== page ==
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Jacqueline Monahan's Movie Reviews

The Grand Budapest Hotel | Ralph Fiennes, Tony Revolori, Tom Wilkinson, Jeff Goldblum, Willem Dafoe, F. Murray Abraham, Tilda Swinton, Saoirse Ronan, Jude Law | Review

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4 Chicks SmallJacqueline Monahan

Jacqueline  Monahan

Las Vegas Round The Clock
http://www.lasvegasroundtheclock.com
Jacqueline Monahan is an educator for the GEAR UP program at UNLV.
She is also an entertainment reporter for Lasvegasroundtheclock.com
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The Grand Budapest Hotel | Ralph Fiennes, Tony Revolori, Tom Wilkinson, Jeff Goldblum, Willem Dafoe, F. Murray Abraham, Tilda Swinton, Saoirse Ronan, Jude Law | Review

Writer/Director Wes Anderson’s (Moonrise Kingdom) latest offering – his eighth - centers on the exploits of one M. Gustave (Ralph Fiennes) concierge of the titular hotel and his faithful lobby boy, Zero Moustafa (Tony Revolori) on the lam from the law after a priceless painting disappears.

How this all comes about is told by a famous aging author (Tom Wilkinson) who in his younger days (played by Jude Law) encounters a man known as Mr. Moustafa (F. Murray Abraham) the film’s narrator, detailing his adventures as a lobby boy named Zero.

M. Gustave, legendary concierge of the Grand Budapest Hotel, carries on an affair with wealthy, elderly Madame D. (Tilda Swinton) who, upon her mysterious death, bequeaths him an outrageously valuable painting entitled Boy with an Apple.  This enrages Madame D’s son Dmitri (Adrien Brody) who ejects Gustave and Zero from the family mansion after the will is read, but not before they make off with the painting, leaving a lewd sketch in its place.  Gustave is framed for the theft and charged with the murder of Madame M.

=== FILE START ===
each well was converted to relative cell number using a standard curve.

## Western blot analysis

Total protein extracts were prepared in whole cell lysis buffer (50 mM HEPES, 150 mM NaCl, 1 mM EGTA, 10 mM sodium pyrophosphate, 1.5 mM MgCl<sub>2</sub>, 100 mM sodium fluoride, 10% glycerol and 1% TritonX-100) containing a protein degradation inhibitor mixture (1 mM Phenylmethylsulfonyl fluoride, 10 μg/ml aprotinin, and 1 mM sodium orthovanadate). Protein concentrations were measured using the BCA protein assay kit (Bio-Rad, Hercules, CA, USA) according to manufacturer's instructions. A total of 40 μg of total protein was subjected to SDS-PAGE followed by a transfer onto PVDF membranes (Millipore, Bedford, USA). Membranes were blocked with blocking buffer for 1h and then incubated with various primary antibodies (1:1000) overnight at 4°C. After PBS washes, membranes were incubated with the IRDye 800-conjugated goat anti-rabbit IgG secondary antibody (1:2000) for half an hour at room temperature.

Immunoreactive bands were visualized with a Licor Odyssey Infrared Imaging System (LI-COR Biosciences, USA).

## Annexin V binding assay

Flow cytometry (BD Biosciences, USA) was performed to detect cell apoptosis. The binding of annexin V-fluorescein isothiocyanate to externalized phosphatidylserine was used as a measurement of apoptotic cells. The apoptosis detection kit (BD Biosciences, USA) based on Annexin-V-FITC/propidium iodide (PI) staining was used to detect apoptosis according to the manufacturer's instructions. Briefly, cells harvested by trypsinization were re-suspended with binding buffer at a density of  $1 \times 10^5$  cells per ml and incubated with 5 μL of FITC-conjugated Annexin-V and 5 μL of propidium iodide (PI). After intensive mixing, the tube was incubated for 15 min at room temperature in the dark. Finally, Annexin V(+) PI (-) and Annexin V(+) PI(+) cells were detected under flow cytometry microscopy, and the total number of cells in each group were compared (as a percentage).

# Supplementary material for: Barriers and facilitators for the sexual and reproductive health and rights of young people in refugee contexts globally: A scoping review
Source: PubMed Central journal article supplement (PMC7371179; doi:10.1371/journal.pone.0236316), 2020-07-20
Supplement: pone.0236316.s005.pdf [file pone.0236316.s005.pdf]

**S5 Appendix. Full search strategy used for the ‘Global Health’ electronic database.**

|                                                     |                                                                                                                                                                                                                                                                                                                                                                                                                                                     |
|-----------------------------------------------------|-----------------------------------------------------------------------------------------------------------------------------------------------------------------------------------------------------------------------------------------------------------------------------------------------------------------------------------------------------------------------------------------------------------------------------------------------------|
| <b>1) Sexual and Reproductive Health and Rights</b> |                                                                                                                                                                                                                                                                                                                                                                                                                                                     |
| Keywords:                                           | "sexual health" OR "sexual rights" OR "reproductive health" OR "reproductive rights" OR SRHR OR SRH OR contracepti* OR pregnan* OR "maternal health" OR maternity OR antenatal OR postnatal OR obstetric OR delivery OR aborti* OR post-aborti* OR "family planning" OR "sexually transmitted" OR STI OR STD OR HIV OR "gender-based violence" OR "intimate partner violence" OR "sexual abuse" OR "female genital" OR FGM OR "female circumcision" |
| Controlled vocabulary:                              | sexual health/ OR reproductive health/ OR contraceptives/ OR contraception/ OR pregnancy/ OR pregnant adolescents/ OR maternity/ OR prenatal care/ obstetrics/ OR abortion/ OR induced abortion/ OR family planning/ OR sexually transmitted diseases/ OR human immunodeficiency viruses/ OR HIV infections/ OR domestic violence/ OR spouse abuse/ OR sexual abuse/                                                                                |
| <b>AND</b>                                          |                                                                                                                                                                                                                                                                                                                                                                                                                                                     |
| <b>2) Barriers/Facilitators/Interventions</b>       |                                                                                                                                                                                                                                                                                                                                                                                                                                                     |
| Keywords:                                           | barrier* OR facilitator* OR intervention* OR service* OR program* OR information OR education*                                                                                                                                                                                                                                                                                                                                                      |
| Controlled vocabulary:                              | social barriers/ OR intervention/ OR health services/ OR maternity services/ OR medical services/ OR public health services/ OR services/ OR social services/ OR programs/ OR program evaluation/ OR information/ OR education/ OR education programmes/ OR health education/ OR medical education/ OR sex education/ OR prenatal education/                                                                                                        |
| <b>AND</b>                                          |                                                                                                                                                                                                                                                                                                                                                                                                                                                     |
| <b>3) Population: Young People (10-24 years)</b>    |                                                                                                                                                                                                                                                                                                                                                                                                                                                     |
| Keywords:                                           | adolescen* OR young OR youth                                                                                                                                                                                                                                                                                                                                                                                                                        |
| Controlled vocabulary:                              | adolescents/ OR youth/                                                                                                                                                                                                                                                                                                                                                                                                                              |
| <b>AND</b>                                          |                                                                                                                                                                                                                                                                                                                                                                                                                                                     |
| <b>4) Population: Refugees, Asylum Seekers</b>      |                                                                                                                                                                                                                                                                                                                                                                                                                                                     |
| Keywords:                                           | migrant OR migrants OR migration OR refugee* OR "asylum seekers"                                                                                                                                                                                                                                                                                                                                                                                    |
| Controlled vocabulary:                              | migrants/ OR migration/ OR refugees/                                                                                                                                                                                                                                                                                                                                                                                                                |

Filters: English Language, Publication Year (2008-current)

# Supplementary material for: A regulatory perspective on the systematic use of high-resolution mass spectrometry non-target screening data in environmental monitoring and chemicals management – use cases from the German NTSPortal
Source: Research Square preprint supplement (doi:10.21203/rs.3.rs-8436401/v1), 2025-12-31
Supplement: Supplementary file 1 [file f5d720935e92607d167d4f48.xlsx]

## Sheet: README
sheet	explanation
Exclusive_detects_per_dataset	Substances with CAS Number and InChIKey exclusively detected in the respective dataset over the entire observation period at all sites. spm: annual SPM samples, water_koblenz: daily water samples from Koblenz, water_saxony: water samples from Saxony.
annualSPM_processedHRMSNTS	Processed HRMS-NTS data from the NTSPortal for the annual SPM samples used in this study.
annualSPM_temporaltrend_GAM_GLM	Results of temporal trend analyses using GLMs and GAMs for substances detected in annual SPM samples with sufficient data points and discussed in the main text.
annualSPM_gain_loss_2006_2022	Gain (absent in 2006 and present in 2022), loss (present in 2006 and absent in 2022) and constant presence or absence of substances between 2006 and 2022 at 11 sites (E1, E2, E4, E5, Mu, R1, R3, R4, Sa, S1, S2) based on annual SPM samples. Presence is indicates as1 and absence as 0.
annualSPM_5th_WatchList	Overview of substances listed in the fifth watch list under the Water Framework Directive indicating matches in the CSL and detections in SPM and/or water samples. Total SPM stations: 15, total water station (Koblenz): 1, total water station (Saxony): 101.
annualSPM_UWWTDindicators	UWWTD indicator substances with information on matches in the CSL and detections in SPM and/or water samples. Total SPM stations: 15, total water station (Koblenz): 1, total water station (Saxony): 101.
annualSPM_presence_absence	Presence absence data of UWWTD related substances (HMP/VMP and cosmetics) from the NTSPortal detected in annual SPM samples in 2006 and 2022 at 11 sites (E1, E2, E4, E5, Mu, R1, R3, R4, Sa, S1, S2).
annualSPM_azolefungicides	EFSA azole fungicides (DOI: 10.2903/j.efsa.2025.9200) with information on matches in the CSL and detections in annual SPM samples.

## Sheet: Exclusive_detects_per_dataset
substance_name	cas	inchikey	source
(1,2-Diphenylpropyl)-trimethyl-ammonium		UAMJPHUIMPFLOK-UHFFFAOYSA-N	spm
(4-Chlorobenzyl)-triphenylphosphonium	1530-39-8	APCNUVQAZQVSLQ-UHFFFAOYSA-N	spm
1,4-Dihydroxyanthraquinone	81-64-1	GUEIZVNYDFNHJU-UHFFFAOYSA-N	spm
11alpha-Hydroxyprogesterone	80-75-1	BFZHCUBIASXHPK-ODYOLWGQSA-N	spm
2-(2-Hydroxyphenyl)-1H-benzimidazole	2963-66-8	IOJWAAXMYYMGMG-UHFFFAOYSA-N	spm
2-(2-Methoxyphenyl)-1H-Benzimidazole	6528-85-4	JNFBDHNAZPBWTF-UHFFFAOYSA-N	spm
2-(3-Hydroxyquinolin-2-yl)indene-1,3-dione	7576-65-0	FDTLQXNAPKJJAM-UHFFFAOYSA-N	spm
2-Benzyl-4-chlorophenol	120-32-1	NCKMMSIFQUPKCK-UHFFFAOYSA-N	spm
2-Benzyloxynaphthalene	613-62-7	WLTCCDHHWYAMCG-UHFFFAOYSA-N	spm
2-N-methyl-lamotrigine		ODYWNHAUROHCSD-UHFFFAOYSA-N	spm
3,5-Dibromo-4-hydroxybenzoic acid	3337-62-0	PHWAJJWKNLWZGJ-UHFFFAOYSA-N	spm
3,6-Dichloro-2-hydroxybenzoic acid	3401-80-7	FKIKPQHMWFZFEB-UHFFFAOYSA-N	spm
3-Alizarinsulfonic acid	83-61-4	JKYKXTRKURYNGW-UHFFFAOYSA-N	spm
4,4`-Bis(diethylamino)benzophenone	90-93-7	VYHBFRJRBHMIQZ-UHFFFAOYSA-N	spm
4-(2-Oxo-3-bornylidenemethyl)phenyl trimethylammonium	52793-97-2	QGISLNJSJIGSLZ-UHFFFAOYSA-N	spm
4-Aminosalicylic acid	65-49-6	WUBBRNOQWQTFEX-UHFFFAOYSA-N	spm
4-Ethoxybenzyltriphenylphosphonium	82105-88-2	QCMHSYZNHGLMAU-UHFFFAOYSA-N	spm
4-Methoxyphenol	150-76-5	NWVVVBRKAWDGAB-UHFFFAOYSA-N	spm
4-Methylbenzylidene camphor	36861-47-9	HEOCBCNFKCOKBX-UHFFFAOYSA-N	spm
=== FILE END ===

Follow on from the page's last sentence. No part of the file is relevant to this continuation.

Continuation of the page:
On their trail for various reasons are Chief of Police Henckels (Edward Norton) Deputy Kovacs (Jeff Goldblum) and Jopling (Willem Dafoe) an assassin hired by Dmitri, in a winding trail that intersects, collides, ricochets, and skis through a series of odd circumstances that include a jailbreak (look for Harvey Keitel as tough inmate Ludwig) a snow-bound visit to a hilltop monastery, Zero’s love interest Agatha (Saoirse Ronan) a girl with a birthmark in the shape of Mexico on her face, and lots of pastries from Mendl’s bakery that sometimes contain metal tools.

The crazy quilt comes together in a (literally) colorful way weaving the tale into a journey of quiet hilarity that is heightened by the characters’ serious, straight-man posturing, which highlight the absurd elements (and there are many) even more.  Oddball idiosyncrasies?  Only in every direction; no one is permitted to be boring.
Ralph Fiennes astounds with his portrayal of the foppish, overly proper Gustave; newcomer Tony Revolori is able to hold his own, a penciled-in mustache hugging his upper lip.  It won’t be the first one you encounter, by any means.
A nearly unrecognizable Tilda Swinton as Madame D. is both creepy and campy.  You will recognize familiar faces within the large cast, including Bill Murray, Jason Schwartzman, and Owen Wilson.

Anderson’s color compositions and aspect ratios change with each time period covered in the film (30’s, 60’s, 80’s) resulting in mesmerizing visuals that invade, surround, and enhance the sometimes madcap, sometimes violent tale.
 
It’s a farce, a caper, a magic carpet ride of mustachioed madness, just waiting for visitors to check in for a 100-minute stay.  

No reservation required.

You are here: Home Movie Reviews Jacqueline Monahan's Movie Reviews The Grand Budapest Hotel | Ralph Fiennes, Tony Revolori, Tom Wilkinson, Jeff Goldblum, Willem Dafoe, F. Murray Abraham, Tilda Swinton, Saoirse Ronan, Jude Law | Review